Throughout the summer and into early fall, the bags are removed one layer at a time. The outer bags are removed first, revealing translucent inner bags, which are often stripped four to five days later. Dealing with sudden sun is a delicate dance, as apples, too, get sunburns. If the temperature of the skin gets too hot, it will crack, and the inside may become brown. For this reason, some sensitive varietals require three layers of bags, which are removed gradually so as to avoid burning.
Once the innermost bag is removed, and the pale, light-deprived fruit gets its first peek at the sun, it’s time to stick the stencil onto the skin. While simple designs, such as single characters, can be applied by hand, tweezers are used to apply and remove more complex stencils to each individual fruit.
The stencils used today are stretchy, plastic adhesives, but that wasn’t always the case. At first, Iwasaki notes, growers used charcoal to draw characters onto the apple, washing off the design before harvesting. Since then, the stencils have gone through a few iterations, including designs made from Scotch tape and packing tape. The adhesive sheets currently used provide the most flexibility, as they can bend and stretch with the apple as it grows.
Once the newly-naked, stencil-adorned apples are exposed to the sun, farmers place reflective sheets below the trees to ensure light touches the bottom of the fruits. Growers return to the trees frequently to rotate the apples and ensure they’re getting even sunlight.
The successful mojie apples are nothing short of perfect. The stencil is carefully peeled away, revealing a design in the shape of the sun-shielding seal. Sold in decorative boxes, wrapped in plastic along with a cushion, or stacked in four rows on “treasure ships,” (small, wooden boats meant to hold piles of mojie apples), they’re most often presented as exquisite gifts rather than casual snacks. Only after the artwork has been sufficiently admired should the recipient slice into the fruit.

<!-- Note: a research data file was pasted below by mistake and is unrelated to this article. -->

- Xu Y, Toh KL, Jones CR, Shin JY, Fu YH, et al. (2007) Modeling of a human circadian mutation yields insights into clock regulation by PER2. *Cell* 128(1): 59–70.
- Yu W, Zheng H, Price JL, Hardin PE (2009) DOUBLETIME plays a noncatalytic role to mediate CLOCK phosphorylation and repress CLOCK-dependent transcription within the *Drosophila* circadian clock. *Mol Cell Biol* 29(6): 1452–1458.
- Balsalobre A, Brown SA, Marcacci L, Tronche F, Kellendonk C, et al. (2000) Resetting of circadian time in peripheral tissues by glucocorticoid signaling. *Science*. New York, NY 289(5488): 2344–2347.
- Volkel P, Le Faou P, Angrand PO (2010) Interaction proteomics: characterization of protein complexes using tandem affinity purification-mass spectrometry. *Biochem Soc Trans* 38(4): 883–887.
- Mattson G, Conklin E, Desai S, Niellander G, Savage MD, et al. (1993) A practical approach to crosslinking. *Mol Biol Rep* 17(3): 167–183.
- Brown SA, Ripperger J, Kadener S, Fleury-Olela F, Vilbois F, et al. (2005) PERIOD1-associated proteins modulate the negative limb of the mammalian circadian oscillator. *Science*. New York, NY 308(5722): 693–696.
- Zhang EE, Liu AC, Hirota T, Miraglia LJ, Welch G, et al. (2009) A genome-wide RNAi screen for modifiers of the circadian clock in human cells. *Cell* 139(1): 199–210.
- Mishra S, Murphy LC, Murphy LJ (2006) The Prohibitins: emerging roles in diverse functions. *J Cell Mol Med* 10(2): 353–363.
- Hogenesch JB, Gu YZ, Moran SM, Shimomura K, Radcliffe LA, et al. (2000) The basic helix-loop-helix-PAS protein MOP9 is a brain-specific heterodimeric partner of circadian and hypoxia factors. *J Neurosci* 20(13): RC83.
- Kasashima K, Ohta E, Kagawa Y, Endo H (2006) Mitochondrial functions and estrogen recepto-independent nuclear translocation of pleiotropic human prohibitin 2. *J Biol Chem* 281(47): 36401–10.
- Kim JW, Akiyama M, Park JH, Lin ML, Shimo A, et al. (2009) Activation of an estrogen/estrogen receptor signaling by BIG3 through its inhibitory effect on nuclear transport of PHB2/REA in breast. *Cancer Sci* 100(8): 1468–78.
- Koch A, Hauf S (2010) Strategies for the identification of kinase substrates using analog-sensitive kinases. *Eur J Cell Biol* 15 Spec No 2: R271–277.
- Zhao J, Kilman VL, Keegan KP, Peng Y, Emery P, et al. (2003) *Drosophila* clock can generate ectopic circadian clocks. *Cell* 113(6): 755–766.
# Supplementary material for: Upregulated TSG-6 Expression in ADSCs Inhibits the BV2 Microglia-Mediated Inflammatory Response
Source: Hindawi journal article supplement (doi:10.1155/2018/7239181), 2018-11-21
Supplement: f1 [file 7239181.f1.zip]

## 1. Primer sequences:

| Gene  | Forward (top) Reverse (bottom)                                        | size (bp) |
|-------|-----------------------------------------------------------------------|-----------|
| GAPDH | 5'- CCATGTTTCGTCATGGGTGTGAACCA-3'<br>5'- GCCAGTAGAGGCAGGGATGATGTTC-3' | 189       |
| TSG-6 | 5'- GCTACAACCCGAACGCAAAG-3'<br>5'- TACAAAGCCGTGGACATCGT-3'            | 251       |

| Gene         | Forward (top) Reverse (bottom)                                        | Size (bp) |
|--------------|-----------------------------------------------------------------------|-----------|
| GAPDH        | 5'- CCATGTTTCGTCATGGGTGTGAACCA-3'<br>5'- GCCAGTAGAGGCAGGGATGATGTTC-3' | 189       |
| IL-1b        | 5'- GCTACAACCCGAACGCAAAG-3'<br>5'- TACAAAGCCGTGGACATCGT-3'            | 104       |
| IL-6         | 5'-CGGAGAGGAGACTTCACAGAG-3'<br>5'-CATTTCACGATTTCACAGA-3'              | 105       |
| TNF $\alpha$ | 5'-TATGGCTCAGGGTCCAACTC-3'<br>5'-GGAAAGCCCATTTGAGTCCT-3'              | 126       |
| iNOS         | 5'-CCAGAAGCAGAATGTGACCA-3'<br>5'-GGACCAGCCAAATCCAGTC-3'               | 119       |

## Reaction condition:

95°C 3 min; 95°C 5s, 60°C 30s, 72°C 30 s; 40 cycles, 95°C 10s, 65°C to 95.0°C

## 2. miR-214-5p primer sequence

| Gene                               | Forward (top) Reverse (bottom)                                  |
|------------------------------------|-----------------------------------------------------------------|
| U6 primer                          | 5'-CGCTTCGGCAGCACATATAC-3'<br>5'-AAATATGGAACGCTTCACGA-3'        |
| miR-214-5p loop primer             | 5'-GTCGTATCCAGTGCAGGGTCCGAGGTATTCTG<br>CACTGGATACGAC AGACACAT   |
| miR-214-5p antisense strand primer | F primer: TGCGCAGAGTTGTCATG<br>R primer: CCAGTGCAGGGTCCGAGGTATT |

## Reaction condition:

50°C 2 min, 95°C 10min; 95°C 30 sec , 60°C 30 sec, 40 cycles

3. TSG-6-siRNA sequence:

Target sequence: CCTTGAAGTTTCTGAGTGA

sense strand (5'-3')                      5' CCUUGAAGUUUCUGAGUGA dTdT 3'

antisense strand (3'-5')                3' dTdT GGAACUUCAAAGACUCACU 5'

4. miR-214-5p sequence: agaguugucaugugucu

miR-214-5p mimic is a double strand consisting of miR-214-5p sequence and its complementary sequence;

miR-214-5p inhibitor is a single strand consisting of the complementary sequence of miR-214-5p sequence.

But sadly, Iwasaki says, these tantalizing treasures may slowly be disappearing. “It is very labor-intensive, so we are slowly decreasing production volume each year,” he says. Between the natural disasters Japan has faced in the past decade, and the shrinking number of young people interested in continuing the work, many orchardists have struggled to get by. Even the traditional bagging process, applied to stenciled and non-stenciled apples alike, is slowly dying out. “I feel like it will disappear in the near future,” Iwasaki says.
But he isn’t stopping anytime soon. After 21 years in the business, Iwasaki still finds the fruits of his labor rewarding, despite the tribulations. “I sometimes receive unusual design requests, but I’m happy to receive them,” he says. “It makes me proud that our apples bring happiness to people.”